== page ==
I’m going to have a tomato instead. Instead of anything I’ve mentioned or thought about it. But it’s not an ordinary tomato, this is a 312g (11oz) home-grown stripey thing tinged with green bursting with goodness type of tomato. I’ve probably got the only one in Auckland right now balanced on a kitchen scale. So it’s unique. My dinner is unique. I’m going to slice it up and pour a puddle of extra virgin olive oil over it, dust it with flaky sea salt and a good grinding of pepper and add a squeeze of lemon. That’s all it needs. But first I might cook the eggplant. I might regret it if I don’t. Fry it in oil, serve it all rich and unctuous. All slippery, silky, charred-edged, and, like all black foods, a bit sort of spooky, only safe if you’ve cooked it yourself, sinful and rich. The Italian name for eggplant is melanzane. Mad. Madness. Mad apple. Bad apple. Who knows? 180g (6 1/4 lb) of spookiness. Gorgeous spookiness. I’m up for it!
Small pan. Get it hot. Cube eggplant. No smell of green pepper (a sign of unripeness and bitterness). Add good slosh of oil. Get oil hot. Add eggplant. Splatter screen on top of pan. Big sip of wine.
When they’re mostly brown, lower the heat then let the pieces cook until they are tender. That’s a mistake too many people make. They think once the eggplant is brown, that’s it, you can eat it. Wrong. It needs to be TENDER. Otherwise it will be astringent. A few minutes before serving it (resist the urge), throw in as much sliced garlic as you like, stir around, season with a good few flakes of sea salt and a little pepper, then dish it into a bowl. A pasta bowl. You’ll find they’re a convenient serving vessels for one. They make it look like you’ve got more food than you have as it sort of spreads out rather than getting lost in a deep bowl like those trendy noodle bowls. Don’t go there. Not for this kind of food.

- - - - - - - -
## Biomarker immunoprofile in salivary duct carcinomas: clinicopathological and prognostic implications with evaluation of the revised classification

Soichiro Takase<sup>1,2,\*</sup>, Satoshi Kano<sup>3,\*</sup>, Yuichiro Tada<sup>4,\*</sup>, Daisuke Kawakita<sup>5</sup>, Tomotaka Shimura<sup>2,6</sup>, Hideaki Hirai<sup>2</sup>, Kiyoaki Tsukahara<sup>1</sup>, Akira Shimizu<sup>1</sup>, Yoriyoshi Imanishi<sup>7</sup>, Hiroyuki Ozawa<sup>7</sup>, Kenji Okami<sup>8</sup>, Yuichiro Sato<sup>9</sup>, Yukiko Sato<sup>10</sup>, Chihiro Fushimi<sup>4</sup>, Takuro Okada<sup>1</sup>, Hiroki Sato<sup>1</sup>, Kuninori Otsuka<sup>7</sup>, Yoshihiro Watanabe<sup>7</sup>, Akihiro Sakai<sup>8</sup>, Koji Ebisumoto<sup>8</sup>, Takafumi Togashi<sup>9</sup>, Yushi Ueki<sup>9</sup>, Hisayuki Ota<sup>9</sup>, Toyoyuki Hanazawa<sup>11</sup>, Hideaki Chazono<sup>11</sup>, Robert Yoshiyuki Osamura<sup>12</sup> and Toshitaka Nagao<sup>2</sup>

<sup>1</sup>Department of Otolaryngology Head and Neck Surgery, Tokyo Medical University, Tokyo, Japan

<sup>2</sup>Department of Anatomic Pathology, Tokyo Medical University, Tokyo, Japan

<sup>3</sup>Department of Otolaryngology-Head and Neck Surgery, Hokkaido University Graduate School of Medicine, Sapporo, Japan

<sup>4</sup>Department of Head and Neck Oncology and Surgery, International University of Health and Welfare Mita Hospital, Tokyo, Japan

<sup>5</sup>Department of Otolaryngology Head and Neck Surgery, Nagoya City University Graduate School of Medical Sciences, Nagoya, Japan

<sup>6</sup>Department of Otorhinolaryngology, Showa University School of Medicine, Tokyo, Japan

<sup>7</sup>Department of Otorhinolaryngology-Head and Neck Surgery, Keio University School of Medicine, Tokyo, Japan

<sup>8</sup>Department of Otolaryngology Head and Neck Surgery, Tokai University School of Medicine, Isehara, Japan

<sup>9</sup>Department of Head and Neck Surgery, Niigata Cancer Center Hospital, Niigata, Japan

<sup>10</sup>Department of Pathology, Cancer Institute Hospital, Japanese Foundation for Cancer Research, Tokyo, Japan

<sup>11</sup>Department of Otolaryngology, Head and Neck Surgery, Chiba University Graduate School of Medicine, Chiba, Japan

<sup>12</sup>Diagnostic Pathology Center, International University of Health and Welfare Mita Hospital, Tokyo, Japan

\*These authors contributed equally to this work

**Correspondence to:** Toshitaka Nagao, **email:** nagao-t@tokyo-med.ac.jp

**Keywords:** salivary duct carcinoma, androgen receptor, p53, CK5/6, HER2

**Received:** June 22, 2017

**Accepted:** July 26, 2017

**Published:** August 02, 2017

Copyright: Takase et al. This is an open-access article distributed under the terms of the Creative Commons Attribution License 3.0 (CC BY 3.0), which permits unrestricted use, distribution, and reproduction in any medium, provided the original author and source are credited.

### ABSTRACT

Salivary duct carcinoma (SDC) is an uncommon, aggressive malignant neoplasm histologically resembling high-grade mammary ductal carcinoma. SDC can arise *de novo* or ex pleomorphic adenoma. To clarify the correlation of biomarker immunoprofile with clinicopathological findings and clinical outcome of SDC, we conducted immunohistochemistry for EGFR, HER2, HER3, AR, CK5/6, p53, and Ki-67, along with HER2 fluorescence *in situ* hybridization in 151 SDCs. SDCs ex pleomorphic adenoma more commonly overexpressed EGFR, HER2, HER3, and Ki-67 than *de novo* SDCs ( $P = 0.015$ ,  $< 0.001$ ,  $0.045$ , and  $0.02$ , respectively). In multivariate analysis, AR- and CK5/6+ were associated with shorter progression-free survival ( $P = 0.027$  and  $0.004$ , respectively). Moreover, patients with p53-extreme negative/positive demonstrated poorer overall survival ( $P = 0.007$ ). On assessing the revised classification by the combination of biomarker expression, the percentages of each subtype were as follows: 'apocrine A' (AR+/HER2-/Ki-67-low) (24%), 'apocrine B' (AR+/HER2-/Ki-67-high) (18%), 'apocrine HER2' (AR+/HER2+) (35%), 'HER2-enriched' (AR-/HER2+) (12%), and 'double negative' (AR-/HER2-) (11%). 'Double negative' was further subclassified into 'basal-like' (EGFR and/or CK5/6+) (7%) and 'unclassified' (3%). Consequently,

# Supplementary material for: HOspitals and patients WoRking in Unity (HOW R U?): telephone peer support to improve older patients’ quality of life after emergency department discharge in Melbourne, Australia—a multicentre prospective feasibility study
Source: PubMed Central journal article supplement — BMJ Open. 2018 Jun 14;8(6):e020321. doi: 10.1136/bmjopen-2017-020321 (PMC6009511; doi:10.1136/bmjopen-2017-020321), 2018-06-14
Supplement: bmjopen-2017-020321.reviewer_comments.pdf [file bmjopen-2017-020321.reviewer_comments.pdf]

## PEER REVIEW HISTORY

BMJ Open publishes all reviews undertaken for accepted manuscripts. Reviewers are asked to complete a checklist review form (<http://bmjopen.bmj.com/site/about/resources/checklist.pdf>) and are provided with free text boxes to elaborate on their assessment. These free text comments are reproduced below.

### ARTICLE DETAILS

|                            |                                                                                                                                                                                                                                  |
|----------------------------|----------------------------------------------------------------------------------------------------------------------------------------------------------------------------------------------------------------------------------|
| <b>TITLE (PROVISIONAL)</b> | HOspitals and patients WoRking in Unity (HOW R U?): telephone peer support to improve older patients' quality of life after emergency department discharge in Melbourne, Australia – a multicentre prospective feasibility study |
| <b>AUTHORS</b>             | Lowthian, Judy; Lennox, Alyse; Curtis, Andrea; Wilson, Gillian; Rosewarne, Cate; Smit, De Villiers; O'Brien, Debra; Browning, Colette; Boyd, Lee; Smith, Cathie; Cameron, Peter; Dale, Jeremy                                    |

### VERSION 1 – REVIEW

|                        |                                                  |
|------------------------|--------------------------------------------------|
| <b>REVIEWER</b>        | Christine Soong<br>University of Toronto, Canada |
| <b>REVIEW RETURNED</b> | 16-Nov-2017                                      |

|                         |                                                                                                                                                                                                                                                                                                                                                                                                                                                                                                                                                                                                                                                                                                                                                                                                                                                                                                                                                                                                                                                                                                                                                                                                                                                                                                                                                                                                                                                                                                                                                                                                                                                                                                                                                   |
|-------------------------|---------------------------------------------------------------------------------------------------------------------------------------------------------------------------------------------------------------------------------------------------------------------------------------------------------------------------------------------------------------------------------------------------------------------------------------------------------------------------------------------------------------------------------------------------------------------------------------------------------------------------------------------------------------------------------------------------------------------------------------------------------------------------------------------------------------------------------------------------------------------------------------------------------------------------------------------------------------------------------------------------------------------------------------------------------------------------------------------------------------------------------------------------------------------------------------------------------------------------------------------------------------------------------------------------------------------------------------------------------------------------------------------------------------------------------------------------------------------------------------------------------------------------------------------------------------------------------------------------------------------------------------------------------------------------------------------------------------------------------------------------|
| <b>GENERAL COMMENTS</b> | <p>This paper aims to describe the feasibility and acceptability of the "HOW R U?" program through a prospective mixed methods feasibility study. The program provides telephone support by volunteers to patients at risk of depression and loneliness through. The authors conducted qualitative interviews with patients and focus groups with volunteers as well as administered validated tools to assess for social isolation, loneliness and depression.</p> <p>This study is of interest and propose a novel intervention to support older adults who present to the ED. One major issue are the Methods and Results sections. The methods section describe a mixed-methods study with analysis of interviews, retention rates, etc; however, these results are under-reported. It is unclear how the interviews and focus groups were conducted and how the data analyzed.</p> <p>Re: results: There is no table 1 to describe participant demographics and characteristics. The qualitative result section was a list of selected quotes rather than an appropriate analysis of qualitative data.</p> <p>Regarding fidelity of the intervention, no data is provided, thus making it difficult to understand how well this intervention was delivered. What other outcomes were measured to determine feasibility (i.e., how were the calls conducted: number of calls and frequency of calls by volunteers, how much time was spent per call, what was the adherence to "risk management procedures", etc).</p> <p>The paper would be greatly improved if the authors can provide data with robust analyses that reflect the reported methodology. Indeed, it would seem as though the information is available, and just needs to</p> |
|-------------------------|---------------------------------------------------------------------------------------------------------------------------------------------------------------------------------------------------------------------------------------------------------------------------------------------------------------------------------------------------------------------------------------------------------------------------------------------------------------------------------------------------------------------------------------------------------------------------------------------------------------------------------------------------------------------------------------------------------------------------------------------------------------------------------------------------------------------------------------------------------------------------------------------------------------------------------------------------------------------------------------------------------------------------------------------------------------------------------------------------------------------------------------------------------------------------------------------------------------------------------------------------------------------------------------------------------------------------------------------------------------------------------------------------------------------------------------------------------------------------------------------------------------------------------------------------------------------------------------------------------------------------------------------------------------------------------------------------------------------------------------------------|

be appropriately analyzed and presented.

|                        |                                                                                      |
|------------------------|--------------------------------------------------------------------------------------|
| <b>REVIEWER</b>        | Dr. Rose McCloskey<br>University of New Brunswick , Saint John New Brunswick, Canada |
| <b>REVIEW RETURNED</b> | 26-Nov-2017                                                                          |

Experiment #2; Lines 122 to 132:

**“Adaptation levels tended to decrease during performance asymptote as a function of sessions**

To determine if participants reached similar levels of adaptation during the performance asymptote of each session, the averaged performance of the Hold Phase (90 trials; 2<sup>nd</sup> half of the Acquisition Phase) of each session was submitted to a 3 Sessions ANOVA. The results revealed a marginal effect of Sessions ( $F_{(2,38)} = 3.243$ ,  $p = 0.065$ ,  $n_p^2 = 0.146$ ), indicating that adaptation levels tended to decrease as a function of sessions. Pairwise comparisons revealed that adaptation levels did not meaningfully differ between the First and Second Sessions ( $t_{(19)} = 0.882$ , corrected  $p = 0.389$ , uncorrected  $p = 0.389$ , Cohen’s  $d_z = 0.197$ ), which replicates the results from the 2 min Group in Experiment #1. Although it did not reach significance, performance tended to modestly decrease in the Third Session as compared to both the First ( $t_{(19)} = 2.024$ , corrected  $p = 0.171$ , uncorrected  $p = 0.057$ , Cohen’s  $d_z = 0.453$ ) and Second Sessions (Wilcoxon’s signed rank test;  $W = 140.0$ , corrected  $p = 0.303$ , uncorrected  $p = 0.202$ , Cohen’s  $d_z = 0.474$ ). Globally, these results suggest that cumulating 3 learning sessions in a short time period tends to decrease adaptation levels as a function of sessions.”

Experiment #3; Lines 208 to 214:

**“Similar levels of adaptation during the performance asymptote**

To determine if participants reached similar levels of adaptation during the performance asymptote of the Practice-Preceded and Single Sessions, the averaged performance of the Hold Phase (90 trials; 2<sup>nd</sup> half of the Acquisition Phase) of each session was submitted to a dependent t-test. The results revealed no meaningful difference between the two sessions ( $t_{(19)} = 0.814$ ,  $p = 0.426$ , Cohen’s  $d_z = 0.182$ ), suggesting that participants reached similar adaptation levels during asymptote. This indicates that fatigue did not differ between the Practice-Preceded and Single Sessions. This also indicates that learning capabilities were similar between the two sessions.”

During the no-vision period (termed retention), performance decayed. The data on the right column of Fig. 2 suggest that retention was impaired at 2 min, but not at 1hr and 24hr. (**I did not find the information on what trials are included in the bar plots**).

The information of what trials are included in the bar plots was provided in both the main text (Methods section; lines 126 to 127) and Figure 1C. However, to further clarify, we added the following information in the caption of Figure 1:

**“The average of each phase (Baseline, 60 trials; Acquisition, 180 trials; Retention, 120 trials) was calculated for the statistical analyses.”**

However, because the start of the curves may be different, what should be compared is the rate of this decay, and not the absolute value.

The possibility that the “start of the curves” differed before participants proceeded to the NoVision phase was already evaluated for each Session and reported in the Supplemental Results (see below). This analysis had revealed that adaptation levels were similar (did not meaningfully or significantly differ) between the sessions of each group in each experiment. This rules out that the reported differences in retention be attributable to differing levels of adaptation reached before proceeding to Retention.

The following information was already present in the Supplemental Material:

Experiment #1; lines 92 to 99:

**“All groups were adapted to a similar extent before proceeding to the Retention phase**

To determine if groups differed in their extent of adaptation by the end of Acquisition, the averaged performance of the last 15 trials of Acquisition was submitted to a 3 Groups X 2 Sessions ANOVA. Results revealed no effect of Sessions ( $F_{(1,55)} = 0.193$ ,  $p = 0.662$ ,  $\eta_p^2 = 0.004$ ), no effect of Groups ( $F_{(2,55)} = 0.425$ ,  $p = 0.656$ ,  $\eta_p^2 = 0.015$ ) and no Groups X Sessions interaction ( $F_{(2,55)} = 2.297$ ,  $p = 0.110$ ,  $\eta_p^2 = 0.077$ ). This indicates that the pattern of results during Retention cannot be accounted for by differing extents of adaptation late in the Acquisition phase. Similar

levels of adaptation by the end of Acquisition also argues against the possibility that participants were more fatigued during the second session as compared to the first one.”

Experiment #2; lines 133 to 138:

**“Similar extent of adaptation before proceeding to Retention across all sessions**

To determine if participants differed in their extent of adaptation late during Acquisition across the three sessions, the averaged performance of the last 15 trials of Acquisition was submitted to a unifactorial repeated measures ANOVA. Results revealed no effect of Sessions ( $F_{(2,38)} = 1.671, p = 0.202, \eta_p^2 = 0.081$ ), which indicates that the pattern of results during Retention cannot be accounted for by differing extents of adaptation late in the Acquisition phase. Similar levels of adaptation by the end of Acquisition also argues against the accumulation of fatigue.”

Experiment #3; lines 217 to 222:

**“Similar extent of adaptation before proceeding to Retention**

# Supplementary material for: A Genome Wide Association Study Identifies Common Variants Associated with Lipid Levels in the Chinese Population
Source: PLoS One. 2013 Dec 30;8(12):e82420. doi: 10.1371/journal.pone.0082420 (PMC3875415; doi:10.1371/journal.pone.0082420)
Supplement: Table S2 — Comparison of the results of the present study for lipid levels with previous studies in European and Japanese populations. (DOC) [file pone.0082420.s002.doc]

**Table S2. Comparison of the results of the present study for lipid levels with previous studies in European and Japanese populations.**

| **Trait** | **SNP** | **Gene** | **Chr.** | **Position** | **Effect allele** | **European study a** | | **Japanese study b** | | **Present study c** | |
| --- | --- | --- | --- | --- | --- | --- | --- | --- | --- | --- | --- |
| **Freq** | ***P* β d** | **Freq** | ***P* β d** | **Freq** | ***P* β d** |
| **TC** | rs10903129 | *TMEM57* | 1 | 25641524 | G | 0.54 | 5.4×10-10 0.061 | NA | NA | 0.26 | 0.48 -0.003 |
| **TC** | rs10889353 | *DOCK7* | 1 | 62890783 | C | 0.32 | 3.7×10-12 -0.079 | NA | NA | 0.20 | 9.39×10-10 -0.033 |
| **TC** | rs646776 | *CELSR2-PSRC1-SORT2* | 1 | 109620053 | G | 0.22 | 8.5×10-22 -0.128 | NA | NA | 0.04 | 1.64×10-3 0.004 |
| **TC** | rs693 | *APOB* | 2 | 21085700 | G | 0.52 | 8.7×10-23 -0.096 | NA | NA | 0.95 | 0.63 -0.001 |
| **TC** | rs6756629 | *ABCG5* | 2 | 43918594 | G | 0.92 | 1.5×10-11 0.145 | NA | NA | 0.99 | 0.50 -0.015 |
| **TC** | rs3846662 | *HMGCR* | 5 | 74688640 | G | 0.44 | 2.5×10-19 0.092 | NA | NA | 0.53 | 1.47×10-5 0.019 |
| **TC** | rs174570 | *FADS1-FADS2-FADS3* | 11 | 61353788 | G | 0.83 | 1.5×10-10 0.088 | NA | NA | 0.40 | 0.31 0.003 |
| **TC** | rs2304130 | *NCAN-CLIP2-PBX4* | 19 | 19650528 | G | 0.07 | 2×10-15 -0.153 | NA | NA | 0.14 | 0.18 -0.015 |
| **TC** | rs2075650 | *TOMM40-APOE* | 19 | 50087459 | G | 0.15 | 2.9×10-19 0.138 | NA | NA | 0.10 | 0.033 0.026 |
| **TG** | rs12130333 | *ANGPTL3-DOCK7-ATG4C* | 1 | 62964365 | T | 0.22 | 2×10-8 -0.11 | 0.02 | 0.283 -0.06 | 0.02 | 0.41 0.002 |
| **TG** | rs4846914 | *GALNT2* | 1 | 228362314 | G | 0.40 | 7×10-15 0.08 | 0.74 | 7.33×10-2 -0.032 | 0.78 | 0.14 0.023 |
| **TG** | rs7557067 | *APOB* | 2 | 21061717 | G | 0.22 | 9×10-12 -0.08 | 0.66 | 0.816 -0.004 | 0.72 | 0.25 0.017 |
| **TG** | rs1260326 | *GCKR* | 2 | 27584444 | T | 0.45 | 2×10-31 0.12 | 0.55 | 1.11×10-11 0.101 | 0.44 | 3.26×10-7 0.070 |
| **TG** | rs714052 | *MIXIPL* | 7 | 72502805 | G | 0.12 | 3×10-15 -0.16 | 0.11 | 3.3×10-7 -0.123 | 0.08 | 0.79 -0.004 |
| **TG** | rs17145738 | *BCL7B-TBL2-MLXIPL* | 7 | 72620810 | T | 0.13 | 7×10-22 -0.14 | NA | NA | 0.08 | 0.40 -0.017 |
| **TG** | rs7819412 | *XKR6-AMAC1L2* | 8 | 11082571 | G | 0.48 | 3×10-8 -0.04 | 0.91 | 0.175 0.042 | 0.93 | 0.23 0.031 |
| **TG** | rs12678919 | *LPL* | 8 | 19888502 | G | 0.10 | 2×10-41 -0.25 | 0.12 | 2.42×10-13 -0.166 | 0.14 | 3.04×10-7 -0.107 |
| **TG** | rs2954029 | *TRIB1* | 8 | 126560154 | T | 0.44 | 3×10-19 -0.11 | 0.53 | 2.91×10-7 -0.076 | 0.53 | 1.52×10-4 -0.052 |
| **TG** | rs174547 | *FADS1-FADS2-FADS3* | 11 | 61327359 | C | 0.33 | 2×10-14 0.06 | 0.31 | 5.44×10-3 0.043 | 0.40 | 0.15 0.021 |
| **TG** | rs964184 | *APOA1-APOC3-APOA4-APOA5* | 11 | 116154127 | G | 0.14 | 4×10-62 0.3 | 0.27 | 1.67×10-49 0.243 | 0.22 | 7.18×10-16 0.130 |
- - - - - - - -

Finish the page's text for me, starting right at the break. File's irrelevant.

Then do the tomato salad. The trick is to slice it into thick rounds – big rounds – this is not the kind of thing to do with a wossy tomato – and again, you serve it in a pasta bowl. A proper Italian pasta bowl, not a modern deep bowl. This is the only way to do it. You should serve lots of things in pasta bowls. That way you would use these bowls more often and get your money’s worth.
I can’t possibly eat a 300g tomato.
A piece of sourdough. The last piece of sourdough. Actually it’s a crust. A dried out crust that would choke a seagull. Bin it. Soft floury supermarket roll instead. Toast it to dry it out and get some crunch. That’s the catch isn’t it? I want something crunchy but not too crunchy.
Set the table. Always. With a cloth. And a napkin. An old red checked faux Italian napkin. Except it IS an Italian napkin. I bought a set of red-checked napkins and a tablecloth 22 years ago in Tuscany at the place that had the lucertolas crawling up the wall, and we’ve used the napkins regularly every since. They don’t match the cloth I’m using now. But so what. They never had a hope in hell of matching the cloth.
The food’s enough for three people but you sort of hope no one comes home on a night like this.
The fork hits the side of the bowl with a sort of ‘ting’, like an announcement saying ‘start eating now’. I look at it, then I hear the fan again.
I don’t know if it is what I want to eat, but it is what I have cooked, so it is what I will eat. Willingly.
Help! I ate the whole tomato.